Friday, February 12, 2016

Explore the curious world of Digital Natives

So You've Been Publicly Shamed by Jon Ronson

This should be required reading for anybody with an internet connection, and for anybody in journalism 101. I'm definitely assigning it as a text book if I ever teach social media 101*. Jon Ronson investigates several recent episodes of frightening public humiliation such as Jonah Lehrer's made-up Bob Dylan quotes in Imagine, and Justine Sacco's tweet in poor taste that cost her the job of her dreams and earned her death threats and a waking nightmare. His examination of the disproportionately high price some have paid for a bad joke that went viral, and the possibility of forgive-and-forget in the digital age, is insightful and riveting.

*A distinct job possibility in this day and age.
Dataclysm by Christian Rudder

This book is a fascinating look at all of the things our data trail says about us. The author is co-founder of OKCupid, a popular matchmaking website, so much of his data comes from his own customers (he openly admits to having experimented on them). Full disclosure: I met my mate on OKCupid several years ago. We are not just a couple of people who met on the internet now-- we are Data. We exist in some endless spreadsheet of profiles and preferences, probably being salivated over by marketing gurus who want to sell us very specific, irresistible things. OKCupid is an attempt to find a formula for kismet. It's free, and makes it easy to find a like-minded, introverted companion, especially if you're the sort of person who needs an algorithm to get a date (like me). The result of making life decisions in such an instantly graph-able way is that all of my demographic information, along with my clicks and "likes" and mouse hovers, and digital whatevers, all get added up to create a prediction of what people like me are like, and what we like to "like". It's creepy, and yet somehow comforting. Rudder's methods and conclusions are fascinating, and he applies just enough wit to make this highly readable.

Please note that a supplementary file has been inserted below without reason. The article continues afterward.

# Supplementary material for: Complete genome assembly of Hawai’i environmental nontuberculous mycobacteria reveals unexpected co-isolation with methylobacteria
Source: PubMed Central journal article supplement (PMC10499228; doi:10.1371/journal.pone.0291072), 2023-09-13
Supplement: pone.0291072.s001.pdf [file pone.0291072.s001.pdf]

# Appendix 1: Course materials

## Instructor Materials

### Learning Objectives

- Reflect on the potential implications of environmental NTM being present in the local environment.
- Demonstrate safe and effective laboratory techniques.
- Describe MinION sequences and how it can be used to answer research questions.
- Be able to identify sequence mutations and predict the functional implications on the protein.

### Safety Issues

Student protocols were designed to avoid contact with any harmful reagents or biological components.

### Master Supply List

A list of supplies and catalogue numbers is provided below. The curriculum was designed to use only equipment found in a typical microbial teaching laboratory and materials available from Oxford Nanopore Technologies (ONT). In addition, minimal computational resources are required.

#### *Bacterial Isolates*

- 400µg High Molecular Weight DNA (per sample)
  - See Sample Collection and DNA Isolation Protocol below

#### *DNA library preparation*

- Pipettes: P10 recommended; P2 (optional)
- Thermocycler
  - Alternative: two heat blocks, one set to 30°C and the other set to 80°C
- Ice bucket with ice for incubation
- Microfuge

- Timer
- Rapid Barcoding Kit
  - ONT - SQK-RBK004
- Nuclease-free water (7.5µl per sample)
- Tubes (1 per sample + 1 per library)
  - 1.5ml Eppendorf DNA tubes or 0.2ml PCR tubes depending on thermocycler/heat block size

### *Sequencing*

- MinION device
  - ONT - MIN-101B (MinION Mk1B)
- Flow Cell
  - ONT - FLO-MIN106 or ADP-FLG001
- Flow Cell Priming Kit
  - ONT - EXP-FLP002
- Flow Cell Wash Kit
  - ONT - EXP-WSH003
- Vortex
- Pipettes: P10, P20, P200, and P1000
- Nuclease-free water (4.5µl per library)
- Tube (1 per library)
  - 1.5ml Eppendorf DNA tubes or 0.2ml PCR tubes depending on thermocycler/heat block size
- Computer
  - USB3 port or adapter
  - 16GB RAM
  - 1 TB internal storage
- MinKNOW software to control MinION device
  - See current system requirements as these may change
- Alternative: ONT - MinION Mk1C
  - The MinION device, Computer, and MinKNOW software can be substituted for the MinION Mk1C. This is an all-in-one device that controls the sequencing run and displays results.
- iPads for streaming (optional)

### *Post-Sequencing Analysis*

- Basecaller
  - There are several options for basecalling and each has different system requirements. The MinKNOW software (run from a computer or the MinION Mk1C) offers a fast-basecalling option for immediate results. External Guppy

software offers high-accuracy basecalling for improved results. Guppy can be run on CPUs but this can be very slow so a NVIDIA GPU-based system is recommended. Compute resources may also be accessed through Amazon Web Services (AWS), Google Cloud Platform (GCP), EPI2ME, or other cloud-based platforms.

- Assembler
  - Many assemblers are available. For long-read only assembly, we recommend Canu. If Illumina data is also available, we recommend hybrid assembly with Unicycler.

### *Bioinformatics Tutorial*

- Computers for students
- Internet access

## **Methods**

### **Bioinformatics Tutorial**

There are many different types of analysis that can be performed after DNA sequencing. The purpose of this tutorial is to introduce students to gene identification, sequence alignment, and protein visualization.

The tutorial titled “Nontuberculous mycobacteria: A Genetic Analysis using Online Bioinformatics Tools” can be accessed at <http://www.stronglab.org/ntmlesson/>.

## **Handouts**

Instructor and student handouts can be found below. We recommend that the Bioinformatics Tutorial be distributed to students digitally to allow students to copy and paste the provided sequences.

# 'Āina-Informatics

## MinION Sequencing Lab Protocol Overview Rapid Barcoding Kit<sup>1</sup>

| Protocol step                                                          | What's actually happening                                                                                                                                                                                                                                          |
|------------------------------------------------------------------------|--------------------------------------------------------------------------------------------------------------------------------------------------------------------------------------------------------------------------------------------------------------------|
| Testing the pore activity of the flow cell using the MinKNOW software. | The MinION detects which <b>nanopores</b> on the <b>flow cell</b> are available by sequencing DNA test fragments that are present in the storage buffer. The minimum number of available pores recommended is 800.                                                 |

Modern Romance by Aziz Ansari

This book about dating in the digital age is basically Dataclysm with a sense of humor (Rudder is credited in the acknowledgements). The most memorable part of the book for me is his opening anecdote, one that those familiar with his act will know, which is possibly the best illustration ever of the cliffhanger anxiety brought on by the text ellipses used to indicate that your partner in textversation is typing a response (...): Ansari meets a single woman at a party and they bond over many common interests including a shared love of the band Beach House (I can relate--Beach House is everything, check out their album, Myth, if you don't believe me). They swap numbers, they text. Soon after meeting, he invites the woman to a Beach House concert. It looks like she's about to respond ...there's those three little dots...then...crickets. Nothing. No response. Dead air.
The audio book is great, especially if you love Ansari--he reads it--but I found the text to be surprisingly dry and a bit academic at times, lightened with bouts of that trademark Aziz Ansari comic tenderness.

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